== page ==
A cruel wire noose bit deeply into the bones of its left rear leg. It seemed that someone had tried to capture this animal, not kill it. But it broke loose, came here, and bled to death.
Poachers. Father would want to know.
I squatted down, looking into the empty eye sockets. “Poor thing.” I said. “I wish I could’ve seen you alive. Perhaps I have—perhaps Darian and I watched you from the hill.”
It was almost too much: Fren’s mauling, Darian’s news, the Summer Dragon. And now this. Was there no end of portents and news today? I didn’t know whether to laugh or cry. But then Darian’s words finally struck me: I’m going to get my dragon. Why would he assume that?
The Summer Dragon was a sign of big changes, he had said. Perhaps because we had seen him, those big changes would be ours.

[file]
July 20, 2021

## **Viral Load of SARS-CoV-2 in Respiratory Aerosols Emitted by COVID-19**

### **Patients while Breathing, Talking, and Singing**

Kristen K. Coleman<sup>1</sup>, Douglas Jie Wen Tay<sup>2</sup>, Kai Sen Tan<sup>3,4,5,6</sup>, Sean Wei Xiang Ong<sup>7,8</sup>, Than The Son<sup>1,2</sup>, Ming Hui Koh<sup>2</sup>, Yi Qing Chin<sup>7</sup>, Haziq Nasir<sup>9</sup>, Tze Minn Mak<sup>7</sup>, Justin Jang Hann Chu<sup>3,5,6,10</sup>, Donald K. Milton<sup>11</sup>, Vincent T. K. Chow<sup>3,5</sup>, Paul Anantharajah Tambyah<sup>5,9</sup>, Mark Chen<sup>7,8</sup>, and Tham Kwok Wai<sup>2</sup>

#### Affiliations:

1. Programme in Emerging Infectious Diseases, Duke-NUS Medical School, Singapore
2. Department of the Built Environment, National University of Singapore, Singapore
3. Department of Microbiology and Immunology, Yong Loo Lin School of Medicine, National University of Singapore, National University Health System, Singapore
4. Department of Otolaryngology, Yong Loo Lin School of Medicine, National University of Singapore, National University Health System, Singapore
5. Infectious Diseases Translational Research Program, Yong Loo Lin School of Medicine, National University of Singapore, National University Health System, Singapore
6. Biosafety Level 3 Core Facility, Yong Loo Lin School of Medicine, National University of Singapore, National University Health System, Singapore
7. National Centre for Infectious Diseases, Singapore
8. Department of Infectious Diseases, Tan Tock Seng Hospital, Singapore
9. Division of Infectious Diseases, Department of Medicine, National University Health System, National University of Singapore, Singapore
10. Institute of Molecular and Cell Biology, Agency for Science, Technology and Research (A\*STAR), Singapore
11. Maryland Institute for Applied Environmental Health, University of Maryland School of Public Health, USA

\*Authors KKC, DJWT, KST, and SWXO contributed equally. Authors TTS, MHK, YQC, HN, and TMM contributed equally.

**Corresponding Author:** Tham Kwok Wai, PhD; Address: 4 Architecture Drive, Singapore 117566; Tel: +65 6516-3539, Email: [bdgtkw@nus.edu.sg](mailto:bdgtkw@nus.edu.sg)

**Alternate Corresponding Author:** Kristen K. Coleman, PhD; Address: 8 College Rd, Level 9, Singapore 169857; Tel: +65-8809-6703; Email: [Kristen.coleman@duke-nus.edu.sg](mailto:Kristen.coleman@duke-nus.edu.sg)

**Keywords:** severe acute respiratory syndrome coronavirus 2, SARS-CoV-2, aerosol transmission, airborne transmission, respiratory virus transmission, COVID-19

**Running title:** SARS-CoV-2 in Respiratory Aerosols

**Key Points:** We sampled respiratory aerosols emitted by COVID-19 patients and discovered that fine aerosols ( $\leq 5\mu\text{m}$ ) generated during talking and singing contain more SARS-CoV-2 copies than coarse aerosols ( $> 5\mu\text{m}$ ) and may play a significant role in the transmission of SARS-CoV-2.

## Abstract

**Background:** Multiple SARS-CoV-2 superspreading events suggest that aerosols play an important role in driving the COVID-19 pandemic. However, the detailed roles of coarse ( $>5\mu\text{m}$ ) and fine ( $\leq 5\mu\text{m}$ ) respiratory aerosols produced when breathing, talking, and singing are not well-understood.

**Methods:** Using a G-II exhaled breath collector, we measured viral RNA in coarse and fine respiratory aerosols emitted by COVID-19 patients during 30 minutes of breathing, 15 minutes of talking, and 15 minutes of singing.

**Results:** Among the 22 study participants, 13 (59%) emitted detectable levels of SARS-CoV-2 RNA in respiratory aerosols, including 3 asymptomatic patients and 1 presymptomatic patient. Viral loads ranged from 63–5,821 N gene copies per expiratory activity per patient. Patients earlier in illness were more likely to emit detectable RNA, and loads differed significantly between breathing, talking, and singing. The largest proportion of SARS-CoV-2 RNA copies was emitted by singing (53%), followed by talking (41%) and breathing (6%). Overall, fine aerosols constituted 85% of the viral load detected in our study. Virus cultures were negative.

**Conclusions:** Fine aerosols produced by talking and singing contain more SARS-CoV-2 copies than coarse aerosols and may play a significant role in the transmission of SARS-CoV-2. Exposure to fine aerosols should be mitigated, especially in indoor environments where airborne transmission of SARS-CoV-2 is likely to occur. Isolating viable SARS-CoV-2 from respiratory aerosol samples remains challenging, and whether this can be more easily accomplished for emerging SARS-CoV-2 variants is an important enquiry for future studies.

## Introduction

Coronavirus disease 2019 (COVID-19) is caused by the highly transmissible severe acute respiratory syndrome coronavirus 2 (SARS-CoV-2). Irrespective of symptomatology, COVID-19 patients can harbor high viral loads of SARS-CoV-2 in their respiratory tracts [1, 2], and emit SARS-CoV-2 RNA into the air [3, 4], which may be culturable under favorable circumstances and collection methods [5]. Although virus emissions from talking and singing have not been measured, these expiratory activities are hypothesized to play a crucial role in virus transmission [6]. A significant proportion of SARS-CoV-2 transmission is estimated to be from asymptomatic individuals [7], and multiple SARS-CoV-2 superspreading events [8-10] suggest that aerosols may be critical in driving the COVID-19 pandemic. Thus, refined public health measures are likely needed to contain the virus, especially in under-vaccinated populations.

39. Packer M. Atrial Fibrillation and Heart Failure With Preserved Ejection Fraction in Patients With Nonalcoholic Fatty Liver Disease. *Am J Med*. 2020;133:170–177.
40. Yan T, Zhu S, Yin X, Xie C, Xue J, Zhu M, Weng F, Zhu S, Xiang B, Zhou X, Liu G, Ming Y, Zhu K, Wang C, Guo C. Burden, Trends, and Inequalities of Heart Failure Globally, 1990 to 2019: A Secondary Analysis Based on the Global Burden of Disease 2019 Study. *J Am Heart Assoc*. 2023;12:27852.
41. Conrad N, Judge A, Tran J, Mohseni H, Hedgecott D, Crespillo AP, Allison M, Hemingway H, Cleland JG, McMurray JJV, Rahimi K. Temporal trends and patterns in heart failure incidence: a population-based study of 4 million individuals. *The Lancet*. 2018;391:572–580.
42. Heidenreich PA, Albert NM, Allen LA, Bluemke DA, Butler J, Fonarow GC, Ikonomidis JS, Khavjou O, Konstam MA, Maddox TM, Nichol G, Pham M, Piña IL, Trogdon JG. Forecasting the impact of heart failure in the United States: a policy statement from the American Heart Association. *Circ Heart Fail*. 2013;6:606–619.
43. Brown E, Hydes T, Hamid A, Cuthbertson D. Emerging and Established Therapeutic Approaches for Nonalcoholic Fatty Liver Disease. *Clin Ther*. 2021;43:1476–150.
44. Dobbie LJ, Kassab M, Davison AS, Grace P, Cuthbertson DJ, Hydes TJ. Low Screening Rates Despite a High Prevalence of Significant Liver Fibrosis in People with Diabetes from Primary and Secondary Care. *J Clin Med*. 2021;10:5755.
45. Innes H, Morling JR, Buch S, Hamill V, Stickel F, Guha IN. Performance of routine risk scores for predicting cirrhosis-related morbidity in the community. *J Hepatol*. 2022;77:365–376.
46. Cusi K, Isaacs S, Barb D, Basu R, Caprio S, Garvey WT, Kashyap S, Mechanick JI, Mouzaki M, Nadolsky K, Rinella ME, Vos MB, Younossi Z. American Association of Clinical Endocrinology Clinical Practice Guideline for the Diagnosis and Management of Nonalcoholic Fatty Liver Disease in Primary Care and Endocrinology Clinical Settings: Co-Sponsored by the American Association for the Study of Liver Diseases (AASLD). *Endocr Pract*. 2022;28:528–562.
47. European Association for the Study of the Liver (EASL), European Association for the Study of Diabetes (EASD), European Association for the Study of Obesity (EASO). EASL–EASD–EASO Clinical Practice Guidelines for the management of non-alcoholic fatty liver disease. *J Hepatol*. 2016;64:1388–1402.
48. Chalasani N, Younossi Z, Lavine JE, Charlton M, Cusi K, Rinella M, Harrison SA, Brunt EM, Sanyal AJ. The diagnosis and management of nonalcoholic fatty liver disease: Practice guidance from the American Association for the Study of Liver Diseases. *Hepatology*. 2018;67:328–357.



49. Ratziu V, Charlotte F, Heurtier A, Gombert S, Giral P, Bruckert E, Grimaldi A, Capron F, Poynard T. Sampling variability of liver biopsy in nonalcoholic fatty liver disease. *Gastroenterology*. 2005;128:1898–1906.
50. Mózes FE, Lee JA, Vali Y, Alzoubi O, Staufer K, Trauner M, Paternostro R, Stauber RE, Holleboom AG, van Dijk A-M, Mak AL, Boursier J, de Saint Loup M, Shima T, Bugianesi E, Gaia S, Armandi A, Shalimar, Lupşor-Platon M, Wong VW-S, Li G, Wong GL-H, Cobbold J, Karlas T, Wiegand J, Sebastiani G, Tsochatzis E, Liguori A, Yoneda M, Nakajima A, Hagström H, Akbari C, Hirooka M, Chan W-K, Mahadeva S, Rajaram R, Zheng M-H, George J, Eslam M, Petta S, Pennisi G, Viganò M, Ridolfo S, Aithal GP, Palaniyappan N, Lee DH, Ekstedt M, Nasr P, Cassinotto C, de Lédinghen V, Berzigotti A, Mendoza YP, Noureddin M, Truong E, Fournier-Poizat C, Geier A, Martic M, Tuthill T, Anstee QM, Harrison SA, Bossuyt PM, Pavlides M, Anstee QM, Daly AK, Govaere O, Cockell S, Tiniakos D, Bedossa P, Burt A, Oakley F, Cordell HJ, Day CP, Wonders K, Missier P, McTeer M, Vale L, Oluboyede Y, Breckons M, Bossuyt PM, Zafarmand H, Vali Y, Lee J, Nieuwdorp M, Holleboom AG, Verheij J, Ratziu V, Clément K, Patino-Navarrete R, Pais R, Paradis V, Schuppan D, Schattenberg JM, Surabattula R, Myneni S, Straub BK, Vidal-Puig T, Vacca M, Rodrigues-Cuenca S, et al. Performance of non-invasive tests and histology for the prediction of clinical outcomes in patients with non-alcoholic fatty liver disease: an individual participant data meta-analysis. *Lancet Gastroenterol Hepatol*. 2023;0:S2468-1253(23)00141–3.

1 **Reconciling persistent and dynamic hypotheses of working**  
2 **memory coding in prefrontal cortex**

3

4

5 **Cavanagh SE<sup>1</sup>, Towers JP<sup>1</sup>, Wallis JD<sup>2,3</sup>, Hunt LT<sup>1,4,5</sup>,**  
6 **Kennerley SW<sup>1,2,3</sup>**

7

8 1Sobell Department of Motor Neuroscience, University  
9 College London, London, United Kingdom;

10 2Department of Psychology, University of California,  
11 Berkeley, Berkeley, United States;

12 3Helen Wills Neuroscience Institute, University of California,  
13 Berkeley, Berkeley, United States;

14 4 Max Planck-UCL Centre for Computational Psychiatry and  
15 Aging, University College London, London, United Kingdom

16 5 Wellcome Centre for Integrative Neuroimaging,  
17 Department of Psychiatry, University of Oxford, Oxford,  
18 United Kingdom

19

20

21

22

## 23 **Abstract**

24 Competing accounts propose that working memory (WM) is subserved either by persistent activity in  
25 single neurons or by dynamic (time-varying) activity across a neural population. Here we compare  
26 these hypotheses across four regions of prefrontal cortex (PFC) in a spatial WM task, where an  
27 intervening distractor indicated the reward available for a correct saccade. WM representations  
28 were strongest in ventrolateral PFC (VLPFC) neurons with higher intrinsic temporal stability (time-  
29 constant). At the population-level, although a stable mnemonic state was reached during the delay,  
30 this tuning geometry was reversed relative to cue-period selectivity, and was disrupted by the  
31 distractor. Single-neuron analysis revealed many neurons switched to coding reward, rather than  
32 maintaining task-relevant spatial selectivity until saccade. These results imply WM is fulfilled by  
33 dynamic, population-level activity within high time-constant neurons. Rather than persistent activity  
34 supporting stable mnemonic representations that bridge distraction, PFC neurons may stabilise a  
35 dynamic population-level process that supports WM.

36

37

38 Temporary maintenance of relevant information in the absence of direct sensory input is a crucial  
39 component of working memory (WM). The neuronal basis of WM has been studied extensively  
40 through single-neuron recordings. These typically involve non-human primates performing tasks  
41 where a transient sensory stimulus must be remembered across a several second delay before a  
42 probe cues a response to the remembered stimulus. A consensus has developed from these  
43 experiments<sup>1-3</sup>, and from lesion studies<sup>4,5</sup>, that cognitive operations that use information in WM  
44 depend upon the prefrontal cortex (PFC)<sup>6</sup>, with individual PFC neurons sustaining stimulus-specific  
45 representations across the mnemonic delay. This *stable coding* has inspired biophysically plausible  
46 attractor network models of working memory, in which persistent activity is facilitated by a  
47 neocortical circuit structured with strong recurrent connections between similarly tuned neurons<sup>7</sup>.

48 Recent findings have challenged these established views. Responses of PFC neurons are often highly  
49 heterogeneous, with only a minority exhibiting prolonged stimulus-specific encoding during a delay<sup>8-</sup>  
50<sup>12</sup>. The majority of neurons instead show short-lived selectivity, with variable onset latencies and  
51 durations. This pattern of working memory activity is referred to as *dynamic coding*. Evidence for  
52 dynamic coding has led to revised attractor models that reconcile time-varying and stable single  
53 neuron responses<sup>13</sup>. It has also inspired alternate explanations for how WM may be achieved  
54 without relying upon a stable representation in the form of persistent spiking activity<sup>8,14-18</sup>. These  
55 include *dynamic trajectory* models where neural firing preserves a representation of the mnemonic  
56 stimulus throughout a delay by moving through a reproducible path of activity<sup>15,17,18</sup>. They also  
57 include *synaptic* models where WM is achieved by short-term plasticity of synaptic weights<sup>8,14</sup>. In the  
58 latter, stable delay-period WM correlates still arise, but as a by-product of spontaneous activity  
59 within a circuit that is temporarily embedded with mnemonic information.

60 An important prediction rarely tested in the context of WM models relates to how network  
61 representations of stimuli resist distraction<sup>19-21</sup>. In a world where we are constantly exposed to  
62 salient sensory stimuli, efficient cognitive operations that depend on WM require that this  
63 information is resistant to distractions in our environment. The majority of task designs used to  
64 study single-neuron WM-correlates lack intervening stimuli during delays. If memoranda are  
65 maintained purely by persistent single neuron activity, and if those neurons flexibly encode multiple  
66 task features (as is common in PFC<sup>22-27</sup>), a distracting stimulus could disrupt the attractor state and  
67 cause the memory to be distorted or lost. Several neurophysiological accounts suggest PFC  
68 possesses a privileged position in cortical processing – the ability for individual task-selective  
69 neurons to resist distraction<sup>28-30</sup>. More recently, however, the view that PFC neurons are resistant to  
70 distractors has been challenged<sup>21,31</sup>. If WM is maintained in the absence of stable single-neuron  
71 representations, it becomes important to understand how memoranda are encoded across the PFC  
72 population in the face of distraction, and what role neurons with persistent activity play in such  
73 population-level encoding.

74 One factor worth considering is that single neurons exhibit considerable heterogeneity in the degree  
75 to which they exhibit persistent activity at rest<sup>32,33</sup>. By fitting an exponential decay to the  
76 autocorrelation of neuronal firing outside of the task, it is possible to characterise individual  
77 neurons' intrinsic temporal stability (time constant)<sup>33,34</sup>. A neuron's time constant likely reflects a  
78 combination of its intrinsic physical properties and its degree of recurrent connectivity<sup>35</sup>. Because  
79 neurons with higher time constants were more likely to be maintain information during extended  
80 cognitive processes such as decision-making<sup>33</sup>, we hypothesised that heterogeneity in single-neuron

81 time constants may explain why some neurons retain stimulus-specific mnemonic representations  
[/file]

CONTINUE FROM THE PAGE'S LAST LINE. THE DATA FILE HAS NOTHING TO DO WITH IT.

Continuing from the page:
I’m going to get my dragon. Perhaps I would get my dragon too.
I jumped up and ran back into the forest, crashed though the tangled margin, and scrambled up the slope. I was scratched and bruised by the time I reached the top of the hill again. I jumped up on the ruins for one last look back, just in case. And there he was.
Getig, the Summer Dragon, perched across the valley on a tall spire, his wings spread wide to warm in the sun, or perhaps to cool on a breeze. Then he leapt and snapped his huge wings downward, caught an updraft, beat his wings one more time, then turned and vanished beyond the line of cliffs. I watched for another few moments, but he didn’t reappear. I shivered in the full heat of the day.
Though my legs felt like they might crumple beneath me, I dashed toward home.
Excerpted from The Summer Dragon © Todd Lockwood, 2016